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RobertFromOz
04-25-2004, 06:34 PM
Could someone please tell me the way of estimating the colour of colour or roasted malts?

The malts I am working with are very pale malts produced from gluten free grains such as sorghum, and buckwheat (kilned to 40C). They are then roasted in an oven at temps ranging from 100C to 250C. The roasting destroys all the enzmes as they are very heat sensitive.

Some quite nice roasted malts have been produced, which add colour and flavour to otherwise very pale beers. I would lke to know how to estimate the colour contribution of the malts for recipe calculations.

Alex T
04-25-2004, 07:24 PM
You are most likely going to have to conduct a standard mash (50g in 500mL I think?) - and then measure the colour of the wort. There should be several methods available. Being in Australia, you will want the end result in degrees EBC. I believe this is done with a spectrophotometer at a certain wavelength. Someone else may know the procedure off the top of their head.

Maybe post this in the Malt Q&A section - the Cargill person should know.

Cheers,

Alex

gitchegumee
04-25-2004, 09:35 PM
I agree a standard infusion will likely be necessary to extract the colors to approximate a production mash. I have heard that one cheap way to estimate is to use a known beer's color and dilute either that beer or your beer (which is darker?) to obtain a close match. The dilution ratio and the beer's original color can be used to estimate. Another way is to buy color slides for a colorimeter. They are not expensive. The same techniques are used to estimate honey and maple syrup colors. Good question. Good luck.

RobertFromOz
04-26-2004, 03:54 AM
I know about the technique for diluting a beer of a known colour to estimate the colour of your beer. That's fine.

The problem is: how to extract the colour of a roasted malt which will have no enzymes, so that the colour can be measured.

A similar question would be how to measure the colour of a roasted barley (again no enzymes), so a standard mash can't be used.

Also, when a beer is fermented, the colour lightens as the yeast drops out. How is this compensated for.

Thanks for your thoughts

tarmadilo
04-26-2004, 05:38 AM
I believe they're suggesting you prepare mashes (in small amounts) of just the roasted grains, so you can get an accurate idea of how much color you'll get from each one.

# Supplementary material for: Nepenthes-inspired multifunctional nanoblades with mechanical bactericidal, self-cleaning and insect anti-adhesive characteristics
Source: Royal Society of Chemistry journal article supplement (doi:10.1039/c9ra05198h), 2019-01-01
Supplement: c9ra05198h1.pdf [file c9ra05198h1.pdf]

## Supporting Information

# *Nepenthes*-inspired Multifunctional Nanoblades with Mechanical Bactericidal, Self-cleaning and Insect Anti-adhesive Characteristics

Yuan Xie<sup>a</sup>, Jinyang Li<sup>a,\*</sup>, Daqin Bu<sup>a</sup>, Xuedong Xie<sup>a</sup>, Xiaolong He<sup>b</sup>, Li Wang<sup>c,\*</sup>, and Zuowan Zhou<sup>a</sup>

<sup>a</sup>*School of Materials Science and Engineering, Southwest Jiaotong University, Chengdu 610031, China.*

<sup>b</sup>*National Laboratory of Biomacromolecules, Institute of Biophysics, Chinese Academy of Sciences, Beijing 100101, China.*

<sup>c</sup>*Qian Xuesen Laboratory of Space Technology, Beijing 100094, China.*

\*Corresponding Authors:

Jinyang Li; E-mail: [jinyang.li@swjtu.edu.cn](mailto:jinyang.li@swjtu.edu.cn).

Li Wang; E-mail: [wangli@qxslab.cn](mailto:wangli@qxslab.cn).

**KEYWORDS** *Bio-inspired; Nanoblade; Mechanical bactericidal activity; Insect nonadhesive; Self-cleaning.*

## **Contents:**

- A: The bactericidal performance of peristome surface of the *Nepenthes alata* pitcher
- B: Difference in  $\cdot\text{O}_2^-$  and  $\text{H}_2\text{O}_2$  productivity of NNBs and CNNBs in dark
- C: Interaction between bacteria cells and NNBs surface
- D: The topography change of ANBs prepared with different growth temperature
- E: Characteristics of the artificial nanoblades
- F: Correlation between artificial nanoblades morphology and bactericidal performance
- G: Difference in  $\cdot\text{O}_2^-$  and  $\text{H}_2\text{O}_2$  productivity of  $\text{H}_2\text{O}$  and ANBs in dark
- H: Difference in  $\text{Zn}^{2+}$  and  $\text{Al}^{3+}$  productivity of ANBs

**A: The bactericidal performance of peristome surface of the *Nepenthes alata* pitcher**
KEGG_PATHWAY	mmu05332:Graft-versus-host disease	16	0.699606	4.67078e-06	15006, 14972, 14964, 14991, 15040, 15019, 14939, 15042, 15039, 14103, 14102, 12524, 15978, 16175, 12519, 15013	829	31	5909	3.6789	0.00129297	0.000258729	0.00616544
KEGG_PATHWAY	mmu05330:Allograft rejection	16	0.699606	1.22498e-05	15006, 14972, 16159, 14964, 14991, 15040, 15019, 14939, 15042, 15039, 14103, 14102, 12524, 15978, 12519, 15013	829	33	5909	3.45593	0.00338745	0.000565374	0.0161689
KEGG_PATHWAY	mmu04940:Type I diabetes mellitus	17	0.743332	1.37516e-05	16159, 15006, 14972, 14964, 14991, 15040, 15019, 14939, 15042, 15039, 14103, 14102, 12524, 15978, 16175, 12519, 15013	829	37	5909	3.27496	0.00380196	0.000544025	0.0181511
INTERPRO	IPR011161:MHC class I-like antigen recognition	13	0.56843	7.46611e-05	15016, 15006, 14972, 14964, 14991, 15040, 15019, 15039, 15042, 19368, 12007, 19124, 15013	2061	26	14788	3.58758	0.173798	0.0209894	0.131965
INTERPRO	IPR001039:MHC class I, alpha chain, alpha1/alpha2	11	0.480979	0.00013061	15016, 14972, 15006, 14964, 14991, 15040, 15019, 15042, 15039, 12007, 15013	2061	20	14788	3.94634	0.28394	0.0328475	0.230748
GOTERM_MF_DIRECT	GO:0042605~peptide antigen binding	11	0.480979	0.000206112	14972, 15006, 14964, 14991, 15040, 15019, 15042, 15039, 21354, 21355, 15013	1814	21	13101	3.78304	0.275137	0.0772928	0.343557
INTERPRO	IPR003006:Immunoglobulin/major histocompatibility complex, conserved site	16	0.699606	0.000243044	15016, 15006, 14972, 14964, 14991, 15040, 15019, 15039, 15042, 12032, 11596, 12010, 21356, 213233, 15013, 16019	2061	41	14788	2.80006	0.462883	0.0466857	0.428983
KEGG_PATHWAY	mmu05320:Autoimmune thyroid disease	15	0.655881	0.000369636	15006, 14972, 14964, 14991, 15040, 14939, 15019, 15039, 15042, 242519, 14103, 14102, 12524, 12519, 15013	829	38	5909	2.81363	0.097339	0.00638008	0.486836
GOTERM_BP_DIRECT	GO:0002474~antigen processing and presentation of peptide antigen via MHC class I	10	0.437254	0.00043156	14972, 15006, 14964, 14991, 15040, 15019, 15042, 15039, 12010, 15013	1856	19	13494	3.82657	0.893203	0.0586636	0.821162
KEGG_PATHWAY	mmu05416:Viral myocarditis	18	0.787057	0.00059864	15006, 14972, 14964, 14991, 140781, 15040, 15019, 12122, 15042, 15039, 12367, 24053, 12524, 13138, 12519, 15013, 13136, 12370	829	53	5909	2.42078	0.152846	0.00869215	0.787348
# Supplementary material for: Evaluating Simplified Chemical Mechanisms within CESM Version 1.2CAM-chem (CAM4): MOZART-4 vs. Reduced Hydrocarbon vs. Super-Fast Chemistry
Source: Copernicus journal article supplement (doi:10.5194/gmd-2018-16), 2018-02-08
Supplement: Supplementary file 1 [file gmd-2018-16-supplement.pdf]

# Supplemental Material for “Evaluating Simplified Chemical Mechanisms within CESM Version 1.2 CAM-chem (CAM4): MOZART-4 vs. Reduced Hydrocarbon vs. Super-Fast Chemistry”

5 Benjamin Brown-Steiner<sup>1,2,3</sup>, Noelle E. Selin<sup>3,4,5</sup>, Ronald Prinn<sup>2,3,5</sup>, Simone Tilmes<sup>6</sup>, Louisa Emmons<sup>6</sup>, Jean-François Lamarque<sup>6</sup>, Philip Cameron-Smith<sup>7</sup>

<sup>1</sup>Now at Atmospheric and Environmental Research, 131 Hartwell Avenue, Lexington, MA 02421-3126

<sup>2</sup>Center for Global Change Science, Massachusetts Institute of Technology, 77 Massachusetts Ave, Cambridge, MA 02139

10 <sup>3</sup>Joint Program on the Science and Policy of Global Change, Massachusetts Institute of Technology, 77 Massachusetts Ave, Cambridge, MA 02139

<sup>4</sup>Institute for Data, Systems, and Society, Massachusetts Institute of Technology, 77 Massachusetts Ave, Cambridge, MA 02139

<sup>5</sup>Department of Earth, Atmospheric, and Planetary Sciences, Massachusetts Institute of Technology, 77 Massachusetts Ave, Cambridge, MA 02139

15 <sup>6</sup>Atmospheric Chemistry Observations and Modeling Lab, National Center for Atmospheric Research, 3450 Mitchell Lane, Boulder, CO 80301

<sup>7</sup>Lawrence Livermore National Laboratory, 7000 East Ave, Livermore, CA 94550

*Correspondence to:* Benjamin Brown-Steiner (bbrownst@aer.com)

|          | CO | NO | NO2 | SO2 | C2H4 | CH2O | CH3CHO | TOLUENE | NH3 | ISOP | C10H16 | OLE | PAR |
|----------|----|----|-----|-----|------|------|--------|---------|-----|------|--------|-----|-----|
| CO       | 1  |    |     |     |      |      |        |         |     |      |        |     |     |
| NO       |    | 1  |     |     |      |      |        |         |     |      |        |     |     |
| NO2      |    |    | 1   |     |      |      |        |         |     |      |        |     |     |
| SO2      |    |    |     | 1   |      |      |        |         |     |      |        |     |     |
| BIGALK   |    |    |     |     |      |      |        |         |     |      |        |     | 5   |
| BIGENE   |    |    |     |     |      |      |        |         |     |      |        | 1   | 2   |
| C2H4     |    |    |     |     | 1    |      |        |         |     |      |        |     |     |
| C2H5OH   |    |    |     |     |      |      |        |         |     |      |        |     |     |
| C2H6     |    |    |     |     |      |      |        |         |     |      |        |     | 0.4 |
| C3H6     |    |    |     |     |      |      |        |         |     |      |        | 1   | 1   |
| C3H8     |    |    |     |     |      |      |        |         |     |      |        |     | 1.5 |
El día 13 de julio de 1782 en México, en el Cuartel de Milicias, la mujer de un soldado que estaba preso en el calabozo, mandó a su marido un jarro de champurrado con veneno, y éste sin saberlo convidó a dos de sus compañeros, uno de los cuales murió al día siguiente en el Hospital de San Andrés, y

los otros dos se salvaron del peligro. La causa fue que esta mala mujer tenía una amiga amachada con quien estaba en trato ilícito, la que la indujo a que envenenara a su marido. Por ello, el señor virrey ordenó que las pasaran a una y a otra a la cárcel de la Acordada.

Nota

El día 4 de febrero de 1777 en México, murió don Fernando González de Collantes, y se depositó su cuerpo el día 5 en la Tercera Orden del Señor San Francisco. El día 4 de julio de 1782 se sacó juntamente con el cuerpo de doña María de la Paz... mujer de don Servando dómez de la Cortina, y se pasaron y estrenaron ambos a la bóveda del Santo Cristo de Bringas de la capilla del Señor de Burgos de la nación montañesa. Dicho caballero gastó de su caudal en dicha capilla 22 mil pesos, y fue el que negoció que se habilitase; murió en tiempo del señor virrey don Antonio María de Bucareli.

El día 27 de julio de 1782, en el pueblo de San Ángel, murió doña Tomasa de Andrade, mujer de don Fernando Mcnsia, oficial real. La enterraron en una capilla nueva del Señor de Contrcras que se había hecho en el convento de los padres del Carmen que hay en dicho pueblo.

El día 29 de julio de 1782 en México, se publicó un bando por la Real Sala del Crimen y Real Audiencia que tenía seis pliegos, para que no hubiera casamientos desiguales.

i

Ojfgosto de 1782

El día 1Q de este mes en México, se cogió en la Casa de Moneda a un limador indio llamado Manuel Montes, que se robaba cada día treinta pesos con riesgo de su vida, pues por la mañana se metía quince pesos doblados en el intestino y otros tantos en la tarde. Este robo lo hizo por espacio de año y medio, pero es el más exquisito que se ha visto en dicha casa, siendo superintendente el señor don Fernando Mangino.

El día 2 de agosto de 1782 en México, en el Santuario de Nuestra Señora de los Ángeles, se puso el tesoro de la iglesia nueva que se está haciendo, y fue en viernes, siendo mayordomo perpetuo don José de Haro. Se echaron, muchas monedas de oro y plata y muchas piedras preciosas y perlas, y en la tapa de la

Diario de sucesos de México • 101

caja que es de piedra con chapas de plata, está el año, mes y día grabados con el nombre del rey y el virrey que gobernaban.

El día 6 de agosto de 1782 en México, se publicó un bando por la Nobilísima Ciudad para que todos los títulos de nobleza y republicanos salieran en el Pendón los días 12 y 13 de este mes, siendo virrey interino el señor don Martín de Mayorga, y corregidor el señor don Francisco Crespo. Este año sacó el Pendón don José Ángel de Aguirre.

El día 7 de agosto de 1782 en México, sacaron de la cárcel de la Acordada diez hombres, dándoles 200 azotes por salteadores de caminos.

Or maybe prepare a mash without the roasted grains, and one with 10% roasted grains, and compare the color difference.

I wouldn't worry about yeast, as your wort should be pretty much the same color after it drops out as it was before the yeast was pitched!

Cheers, Tim

Alex T
04-26-2004, 08:55 PM
Hi,

Just to elaborate a bit. (Note: This is not a published method!!! - I was looking in my brewing texts and couldn't find what I was looking for!)

- grind 50g of malt very fine (90% flour) with a laboratory disc mill
- mix with 500mL water.
- mash initially at 45degC for 30min, and then while constantly stirring, raise temp to 70degC.
- mash for 2hrs.
- cool to 20degC.
- filter the mash through filter paper.
- analyse the colour of the wort with a colorimeter or a spectrophotometer (not sure of the wavelength or calcuation!)

while you are at it, measure the extract. the cargill person should be able to get a more exact method for you.

cheers,

alex

Cargill Malt
04-26-2004, 10:46 PM
I'm guessing you're looking for the "Congress Mashing" procedure. This is the process used for the determination of malt color. I'll forward the wavelength details tomorrow. If memory serves you check the sample in a 1 cm cell at around 470 for color (absorption) and at 700 for turbidity. The check at 700 is to ensure that particles are not scattering too much light and giving you a false high color reading. If the result at 700 is too high you have to filter your sample again to get a true reading. The absorption result is multiplied by 12.7 for ASBC. I'll double check those wavelengths and get back to you.

As far as how you determine the color of very highly colored malts, you dilute them with pale malt. If you are checking an 80 color caramel malt for example, you might mix it 50/50 with pale malt. If you are checking roasted barley you would use more like 10% or less of the RB. If you don't dilute sufficiently with pale malt you will likely be measuring outside the sweet spot of your spectrophotometer. Lab instruments lose accuracy at the limits of their measuring capability. Simple math is used to adjust for the ratio of pale malt to the malt you are testing to get the undiluted color.

More details on process later.

Do you have a spectrophotometer that you have access to? This detail won't be too helpful if you don't.

Cargill Malt